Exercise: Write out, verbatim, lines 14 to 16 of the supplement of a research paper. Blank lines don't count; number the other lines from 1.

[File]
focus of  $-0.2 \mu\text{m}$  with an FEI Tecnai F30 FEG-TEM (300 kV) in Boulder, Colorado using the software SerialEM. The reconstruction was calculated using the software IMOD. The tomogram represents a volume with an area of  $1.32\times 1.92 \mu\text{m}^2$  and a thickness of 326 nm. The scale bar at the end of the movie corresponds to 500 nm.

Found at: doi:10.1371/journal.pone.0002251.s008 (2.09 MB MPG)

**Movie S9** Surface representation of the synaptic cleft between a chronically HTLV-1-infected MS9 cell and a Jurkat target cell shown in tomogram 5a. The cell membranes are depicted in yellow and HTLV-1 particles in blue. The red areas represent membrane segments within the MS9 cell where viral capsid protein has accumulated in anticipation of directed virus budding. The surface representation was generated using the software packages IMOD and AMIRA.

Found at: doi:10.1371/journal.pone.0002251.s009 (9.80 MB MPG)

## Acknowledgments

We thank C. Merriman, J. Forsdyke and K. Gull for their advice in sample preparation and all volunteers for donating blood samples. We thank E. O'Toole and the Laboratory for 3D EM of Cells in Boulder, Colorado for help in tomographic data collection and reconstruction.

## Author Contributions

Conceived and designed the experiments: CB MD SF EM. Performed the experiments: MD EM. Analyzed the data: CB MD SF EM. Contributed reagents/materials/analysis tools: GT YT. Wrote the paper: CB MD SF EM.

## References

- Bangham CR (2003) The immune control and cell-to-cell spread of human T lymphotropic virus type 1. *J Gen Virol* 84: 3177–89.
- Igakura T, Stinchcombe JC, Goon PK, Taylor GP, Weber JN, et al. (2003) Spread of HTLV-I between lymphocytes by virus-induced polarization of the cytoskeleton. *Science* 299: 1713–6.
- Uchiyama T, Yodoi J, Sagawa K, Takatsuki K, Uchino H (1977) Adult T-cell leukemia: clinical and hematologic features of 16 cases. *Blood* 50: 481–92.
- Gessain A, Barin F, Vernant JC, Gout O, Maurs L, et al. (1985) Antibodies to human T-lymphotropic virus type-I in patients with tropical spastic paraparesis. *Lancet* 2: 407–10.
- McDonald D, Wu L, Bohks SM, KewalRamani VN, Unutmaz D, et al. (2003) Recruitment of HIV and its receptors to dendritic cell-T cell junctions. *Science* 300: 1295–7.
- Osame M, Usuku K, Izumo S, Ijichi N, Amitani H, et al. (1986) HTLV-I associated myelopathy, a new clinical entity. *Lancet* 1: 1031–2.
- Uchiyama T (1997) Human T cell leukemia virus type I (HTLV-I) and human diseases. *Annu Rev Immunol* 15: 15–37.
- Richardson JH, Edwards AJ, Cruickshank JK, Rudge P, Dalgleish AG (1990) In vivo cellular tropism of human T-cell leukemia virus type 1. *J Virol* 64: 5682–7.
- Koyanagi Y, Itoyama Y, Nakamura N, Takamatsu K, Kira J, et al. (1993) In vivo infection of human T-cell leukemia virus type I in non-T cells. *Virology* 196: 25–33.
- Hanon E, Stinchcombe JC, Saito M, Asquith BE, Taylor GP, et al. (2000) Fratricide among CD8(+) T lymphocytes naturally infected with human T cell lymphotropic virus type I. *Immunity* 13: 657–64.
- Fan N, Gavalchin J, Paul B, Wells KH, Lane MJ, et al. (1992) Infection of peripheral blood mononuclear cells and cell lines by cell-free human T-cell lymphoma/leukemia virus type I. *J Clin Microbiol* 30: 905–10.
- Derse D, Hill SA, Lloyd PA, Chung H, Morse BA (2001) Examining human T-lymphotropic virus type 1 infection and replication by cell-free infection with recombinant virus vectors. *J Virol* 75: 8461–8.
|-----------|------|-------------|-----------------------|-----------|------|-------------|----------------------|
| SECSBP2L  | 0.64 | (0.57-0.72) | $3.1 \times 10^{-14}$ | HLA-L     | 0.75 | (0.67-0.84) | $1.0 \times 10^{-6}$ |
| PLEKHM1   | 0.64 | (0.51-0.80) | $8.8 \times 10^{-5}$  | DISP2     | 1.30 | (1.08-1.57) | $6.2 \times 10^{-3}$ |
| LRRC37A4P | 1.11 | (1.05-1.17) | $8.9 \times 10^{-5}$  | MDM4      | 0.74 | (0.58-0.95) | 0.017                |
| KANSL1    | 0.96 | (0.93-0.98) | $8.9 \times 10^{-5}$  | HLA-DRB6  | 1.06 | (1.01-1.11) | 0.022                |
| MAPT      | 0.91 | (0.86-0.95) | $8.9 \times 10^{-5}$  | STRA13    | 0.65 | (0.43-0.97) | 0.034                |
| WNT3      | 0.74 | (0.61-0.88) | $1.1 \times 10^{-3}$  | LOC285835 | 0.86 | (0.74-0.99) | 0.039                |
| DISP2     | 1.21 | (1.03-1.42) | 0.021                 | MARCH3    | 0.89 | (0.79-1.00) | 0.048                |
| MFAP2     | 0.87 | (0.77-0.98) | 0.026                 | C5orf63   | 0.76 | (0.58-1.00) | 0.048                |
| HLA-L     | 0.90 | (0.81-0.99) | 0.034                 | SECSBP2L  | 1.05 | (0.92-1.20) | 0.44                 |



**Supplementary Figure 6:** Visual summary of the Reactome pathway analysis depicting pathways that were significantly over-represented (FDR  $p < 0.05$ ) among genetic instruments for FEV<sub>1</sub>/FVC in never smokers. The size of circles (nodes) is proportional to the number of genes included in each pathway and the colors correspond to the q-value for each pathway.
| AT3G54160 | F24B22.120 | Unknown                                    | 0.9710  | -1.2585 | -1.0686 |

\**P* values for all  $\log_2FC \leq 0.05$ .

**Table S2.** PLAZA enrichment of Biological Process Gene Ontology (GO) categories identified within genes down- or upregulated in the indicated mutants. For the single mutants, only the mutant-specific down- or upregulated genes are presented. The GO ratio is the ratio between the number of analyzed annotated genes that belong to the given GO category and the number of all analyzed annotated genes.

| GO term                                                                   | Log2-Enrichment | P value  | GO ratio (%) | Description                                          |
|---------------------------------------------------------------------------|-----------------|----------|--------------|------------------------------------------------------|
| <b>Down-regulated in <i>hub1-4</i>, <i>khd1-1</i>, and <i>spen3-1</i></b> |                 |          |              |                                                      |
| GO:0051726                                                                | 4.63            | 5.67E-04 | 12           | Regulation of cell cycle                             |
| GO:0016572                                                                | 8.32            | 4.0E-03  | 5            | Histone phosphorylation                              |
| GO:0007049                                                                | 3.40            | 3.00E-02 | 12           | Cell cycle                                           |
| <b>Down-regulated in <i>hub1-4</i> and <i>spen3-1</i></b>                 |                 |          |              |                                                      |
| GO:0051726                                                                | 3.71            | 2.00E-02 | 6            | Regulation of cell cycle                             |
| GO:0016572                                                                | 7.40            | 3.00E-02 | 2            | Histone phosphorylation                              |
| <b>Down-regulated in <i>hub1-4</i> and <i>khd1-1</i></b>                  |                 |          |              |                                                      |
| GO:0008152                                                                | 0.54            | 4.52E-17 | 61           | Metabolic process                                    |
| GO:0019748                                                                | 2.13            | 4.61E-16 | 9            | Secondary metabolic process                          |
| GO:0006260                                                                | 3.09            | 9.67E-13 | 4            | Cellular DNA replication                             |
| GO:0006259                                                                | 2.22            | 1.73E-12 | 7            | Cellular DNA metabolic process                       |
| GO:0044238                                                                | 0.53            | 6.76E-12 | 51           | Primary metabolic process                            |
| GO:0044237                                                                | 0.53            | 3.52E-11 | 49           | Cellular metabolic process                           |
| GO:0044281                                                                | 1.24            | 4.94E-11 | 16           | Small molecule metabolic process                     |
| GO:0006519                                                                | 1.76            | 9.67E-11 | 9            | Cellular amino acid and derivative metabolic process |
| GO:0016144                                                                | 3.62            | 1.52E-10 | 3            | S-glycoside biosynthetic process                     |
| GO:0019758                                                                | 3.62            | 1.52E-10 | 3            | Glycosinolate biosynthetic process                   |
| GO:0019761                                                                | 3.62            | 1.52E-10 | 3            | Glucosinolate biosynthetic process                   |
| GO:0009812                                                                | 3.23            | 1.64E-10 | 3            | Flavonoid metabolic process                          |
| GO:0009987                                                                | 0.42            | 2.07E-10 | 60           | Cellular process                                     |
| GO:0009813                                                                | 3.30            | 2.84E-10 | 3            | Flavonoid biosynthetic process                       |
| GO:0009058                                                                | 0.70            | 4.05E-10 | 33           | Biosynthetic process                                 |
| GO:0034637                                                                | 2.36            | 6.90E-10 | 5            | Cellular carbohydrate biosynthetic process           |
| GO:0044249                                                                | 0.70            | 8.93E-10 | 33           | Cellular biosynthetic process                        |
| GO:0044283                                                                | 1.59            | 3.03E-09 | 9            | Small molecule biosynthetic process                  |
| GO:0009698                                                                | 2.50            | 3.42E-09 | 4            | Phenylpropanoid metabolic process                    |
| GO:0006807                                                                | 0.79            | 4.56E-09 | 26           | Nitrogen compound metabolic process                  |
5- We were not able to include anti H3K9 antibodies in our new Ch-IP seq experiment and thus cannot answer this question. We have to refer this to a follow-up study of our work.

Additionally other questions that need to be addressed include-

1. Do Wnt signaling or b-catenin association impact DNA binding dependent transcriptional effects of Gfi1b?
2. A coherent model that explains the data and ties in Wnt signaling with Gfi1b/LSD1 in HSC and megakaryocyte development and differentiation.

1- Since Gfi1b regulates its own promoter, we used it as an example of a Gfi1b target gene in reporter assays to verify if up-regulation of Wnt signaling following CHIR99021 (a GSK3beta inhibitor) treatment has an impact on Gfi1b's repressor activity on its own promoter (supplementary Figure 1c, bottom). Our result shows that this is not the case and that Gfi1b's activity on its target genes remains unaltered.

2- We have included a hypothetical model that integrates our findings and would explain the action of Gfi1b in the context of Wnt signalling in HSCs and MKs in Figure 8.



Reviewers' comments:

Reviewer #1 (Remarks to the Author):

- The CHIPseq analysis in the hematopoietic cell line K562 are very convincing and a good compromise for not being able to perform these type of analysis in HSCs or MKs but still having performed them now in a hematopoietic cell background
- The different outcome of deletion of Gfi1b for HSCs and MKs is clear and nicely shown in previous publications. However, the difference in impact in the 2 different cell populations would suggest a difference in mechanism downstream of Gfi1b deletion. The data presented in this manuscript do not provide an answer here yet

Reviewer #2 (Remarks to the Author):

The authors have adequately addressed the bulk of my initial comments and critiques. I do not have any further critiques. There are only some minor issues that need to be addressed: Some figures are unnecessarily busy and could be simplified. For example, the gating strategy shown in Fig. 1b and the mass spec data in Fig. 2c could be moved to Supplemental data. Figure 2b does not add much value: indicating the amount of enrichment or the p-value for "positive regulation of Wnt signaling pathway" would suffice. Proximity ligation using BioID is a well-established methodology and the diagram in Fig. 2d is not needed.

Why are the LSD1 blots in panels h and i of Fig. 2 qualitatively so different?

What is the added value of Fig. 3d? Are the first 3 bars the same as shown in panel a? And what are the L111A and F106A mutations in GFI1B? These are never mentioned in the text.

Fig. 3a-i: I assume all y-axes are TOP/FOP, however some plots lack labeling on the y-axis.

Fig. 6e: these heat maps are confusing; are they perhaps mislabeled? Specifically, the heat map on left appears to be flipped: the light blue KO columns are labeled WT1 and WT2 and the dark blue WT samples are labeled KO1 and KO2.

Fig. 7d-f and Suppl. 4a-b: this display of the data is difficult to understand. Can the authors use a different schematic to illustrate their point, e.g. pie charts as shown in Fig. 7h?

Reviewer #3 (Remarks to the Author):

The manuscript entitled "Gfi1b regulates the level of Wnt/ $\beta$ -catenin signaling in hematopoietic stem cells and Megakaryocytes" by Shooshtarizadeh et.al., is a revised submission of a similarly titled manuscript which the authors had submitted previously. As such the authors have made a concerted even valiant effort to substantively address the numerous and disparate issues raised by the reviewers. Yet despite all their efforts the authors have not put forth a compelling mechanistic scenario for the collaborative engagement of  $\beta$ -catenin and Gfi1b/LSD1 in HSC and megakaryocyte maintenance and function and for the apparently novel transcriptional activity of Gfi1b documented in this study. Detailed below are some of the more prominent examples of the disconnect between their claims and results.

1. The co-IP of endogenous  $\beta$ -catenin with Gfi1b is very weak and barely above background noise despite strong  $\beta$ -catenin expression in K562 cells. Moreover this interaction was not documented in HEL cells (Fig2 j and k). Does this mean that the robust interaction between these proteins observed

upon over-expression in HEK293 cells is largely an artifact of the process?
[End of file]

- McDonald D, Wu L, Bohks SM, KewalRamani VN, Unutmaz D, et al. (2003) Recruitment of HIV and its receptors to dendritic cell-T cell junctions. *Science* 300: 1295–7.
- Osame M, Usuku K, Izumo S, Ijichi N, Amitani H, et al. (1986) HTLV-I associated myelopathy, a new clinical entity. *Lancet* 1: 1031–2.
- Uchiyama T (1997) Human T cell leukemia virus type I (HTLV-I) and human diseases. *Annu Rev Immunol* 15: 15–37.